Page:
As a candidate, Donald Trump promised to drastically reduce the size and scope of the Environmental Protection Agency. A memo by the White House Office of Management and Budget indicates that’s still the plan. The memo outlines a proposed 25 percent cut to EPA’s $8-billion budget, including reductions in state grants for clean air and water programs.

Above-Average Winter Temperatures Are Jumpstarting The Growing Season

Mar 7, 2017
Julie Grant / Allegheny Front

While many of us have been enjoying the mild winter, it has some food producers double checking the calendar. For instance, March is usually prime season for boiling the sap from maple trees down into syrup. But at the farm Nathan Goodell’s family has worked for seven generations in northeastern Ohio, record-high winter temperatures have pushed everything way ahead of schedule.

The Viral T-Shirts Of The Trump Resistance Are Made Right Here In Pittsburgh

Mar 2, 2017
Reid Frazier / Allegheny Front

Inside a sprawling industrial building below a Pittsburgh police station, Jay Fanelli stands next to a big wheel-like structure stamping a red-white-and-blue pattern on grey t-shirts.

Pennsylvania Confirms First Fracking-Related Earthquakes

Feb 22, 2017
Mark Schmerling / FracTracker Alliance

Pennsylvania officials say they’ve confirmed the state’s first fracking-related earthquakes took place last year in Lawrence County, northwest of Pittsburgh. As a result, the Department of Environmental Protection (DEP) is stepping up its requirements for drilling in that part of the state, which is known for seismic activity.

How Climate Change Skeptic Myron Ebell Is Shaping Trump's EPA

Feb 9, 2017
NASA

President Trump has been making good on a variety of campaign promises, from his executive order on immigration to his pick to fill the current vacancy on the Supreme Court.

Citizen Complaints Over Drilling Have Soared During The Gas Boom

Feb 3, 2017
Matt Rourke / AP

For the first time, the public can view a comprehensive record of citizen complaints about oil and gas drilling in Pennsylvania. The investigative website Public Herald has scanned and published more than 9,000 complaints made by residents over 12 years to the Pennsylvania Department of Environmental Protection about conventional and unconventional drilling, or fracking.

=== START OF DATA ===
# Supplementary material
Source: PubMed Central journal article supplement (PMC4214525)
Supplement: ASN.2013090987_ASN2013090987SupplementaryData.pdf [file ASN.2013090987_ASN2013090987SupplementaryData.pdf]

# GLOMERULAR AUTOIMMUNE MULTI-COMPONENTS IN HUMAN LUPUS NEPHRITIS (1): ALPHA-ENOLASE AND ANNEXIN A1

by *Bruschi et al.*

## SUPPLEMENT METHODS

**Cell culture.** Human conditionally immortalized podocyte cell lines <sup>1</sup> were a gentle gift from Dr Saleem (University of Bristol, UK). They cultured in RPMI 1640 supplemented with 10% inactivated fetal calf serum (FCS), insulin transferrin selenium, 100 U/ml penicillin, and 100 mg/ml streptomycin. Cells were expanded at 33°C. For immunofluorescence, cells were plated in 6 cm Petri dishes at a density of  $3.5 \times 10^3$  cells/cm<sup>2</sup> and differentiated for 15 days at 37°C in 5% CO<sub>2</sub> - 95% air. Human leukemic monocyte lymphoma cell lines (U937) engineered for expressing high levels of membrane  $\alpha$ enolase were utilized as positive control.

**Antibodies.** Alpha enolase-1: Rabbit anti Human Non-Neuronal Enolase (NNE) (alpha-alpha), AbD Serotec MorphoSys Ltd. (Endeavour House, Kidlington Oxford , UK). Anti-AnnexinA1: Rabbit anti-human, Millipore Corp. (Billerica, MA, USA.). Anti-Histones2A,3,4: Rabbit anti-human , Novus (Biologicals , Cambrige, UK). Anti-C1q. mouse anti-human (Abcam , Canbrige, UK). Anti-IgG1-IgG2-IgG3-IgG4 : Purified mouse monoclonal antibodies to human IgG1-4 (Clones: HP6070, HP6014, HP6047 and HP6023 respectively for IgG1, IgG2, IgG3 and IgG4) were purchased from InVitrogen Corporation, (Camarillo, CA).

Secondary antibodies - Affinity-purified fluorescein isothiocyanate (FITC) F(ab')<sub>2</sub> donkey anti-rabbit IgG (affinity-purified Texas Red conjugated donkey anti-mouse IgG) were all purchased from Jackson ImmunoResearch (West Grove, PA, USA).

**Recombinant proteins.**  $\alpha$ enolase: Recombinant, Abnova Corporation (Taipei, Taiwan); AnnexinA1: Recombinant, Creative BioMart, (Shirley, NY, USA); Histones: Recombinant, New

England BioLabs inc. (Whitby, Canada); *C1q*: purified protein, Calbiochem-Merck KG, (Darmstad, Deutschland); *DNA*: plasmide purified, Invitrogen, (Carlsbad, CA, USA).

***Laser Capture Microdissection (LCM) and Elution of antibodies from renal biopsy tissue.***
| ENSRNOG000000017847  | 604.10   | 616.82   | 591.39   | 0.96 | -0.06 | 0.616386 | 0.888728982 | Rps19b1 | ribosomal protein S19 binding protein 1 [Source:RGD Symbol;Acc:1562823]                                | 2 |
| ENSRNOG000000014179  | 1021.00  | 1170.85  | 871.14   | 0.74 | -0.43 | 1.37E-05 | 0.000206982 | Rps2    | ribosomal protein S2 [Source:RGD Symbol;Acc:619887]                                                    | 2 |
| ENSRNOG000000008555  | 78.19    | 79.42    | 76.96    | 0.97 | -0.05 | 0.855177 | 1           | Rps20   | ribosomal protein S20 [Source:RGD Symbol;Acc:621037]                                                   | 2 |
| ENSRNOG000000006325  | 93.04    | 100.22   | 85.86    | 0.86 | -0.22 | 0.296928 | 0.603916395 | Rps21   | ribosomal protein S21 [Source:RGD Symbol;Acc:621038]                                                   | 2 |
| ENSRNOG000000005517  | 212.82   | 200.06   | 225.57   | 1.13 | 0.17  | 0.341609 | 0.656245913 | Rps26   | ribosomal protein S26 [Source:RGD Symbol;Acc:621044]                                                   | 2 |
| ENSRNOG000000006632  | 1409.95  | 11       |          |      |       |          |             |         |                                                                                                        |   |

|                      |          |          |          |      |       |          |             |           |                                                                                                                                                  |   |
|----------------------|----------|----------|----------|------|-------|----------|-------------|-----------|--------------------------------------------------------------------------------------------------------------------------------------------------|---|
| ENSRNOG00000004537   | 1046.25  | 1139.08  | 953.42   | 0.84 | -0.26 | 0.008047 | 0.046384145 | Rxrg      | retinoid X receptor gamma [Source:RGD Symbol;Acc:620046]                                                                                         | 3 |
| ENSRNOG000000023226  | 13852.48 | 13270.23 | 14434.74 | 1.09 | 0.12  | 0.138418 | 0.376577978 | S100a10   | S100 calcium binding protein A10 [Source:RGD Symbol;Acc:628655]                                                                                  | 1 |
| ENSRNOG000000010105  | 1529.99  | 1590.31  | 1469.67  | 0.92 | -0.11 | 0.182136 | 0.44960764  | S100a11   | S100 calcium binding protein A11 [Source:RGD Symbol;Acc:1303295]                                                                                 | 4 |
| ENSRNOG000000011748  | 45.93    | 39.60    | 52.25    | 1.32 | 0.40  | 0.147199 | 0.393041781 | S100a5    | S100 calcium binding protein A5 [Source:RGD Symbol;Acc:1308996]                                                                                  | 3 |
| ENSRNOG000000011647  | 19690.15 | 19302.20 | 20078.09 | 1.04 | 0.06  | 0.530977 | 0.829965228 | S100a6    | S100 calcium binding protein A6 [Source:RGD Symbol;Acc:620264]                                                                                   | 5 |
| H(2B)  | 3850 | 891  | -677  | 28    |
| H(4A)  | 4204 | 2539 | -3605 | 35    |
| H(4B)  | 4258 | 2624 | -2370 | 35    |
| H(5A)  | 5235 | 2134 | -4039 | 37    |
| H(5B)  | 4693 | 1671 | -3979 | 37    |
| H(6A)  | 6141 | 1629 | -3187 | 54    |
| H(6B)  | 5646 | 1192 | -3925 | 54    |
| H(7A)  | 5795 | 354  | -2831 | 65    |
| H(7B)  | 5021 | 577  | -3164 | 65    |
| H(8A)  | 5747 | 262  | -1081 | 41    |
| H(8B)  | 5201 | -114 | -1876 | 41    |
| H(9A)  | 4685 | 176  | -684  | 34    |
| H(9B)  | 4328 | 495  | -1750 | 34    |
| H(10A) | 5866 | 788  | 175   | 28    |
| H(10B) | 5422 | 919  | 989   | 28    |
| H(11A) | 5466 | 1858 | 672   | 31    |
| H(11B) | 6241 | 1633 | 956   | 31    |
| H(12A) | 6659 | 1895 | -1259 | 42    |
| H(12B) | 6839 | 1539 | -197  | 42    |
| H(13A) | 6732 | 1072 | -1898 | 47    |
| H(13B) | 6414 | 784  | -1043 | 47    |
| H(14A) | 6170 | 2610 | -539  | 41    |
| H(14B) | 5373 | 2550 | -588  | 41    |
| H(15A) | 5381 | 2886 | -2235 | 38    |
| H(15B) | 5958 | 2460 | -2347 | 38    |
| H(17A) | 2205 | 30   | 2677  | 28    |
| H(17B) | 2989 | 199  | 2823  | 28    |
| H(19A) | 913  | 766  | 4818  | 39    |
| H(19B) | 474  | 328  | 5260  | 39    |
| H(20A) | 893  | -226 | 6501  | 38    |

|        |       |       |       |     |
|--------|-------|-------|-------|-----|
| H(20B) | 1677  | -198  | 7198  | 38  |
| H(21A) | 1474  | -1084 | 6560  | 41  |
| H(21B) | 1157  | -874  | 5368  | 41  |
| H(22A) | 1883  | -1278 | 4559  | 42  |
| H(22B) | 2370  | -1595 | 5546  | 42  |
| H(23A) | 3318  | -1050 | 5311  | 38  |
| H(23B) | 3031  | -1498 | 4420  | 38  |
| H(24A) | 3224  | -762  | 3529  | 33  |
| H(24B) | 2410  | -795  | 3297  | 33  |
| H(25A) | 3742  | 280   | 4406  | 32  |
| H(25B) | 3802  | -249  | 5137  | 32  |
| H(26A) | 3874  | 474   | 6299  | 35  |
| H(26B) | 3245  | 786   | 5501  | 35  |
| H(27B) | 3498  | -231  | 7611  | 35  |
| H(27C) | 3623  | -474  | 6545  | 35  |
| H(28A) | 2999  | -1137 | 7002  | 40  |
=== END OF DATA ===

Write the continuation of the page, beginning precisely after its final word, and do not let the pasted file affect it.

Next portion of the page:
NBC

The Confluence, where the news comes together, is 90.5 WESA’s weekly news program.

Each week reporters, editors and bloggers join veteran journalist and host Kevin Gavin. They’ll go behind the headlines taking an in-depth look at the stories important to the Pittsburgh region.

Trump Gives Pipeline Industry A Boost, But Leaders Warn Against Complacency

Jan 26, 2017
Kyle Pattison / Public Herald

Donald Trump’s public support of big pipeline projects is giving the industry a shot in the arm. But it still faces hurdles from state and local opposition, according to industry leaders.

On Tuesday, Trump signed executive orders to revive the Keystone XL and Dakota Access pipelines, and expedite environmental reviews on some projects. 

Scientists Rush To Backup Climate Data

Jan 26, 2017
NASA

Since President Trump’s inauguration, the climate change page at whitehouse.gov disappeared. Reuters also reported that climate references were to be removed from the Environmental Protection Agency’s website, though it appears that’s been delayed.

Mining Permit In State Park Halted By Judge

Jan 25, 2017
Friends of Ryerson State Park / Facebook

A judge has ordered a halt to mining underneath a state park in Greene County. Environmental Hearing Board Judge Steven C. Beckman issued the order Tuesday, regarding a Consol Energy plan to expand its Bailey mine complex beneath Ryerson Station State Park. Environmental groups had argued the plan would have damaged a high-quality stream in the park.

Brian Peshek

On the Sunday before buck hunting season started in late November, Randy Santucci, chair of a group called the Unified Sportsmen of Pennsylvania, got up early to show me some of his favorite hunting sites.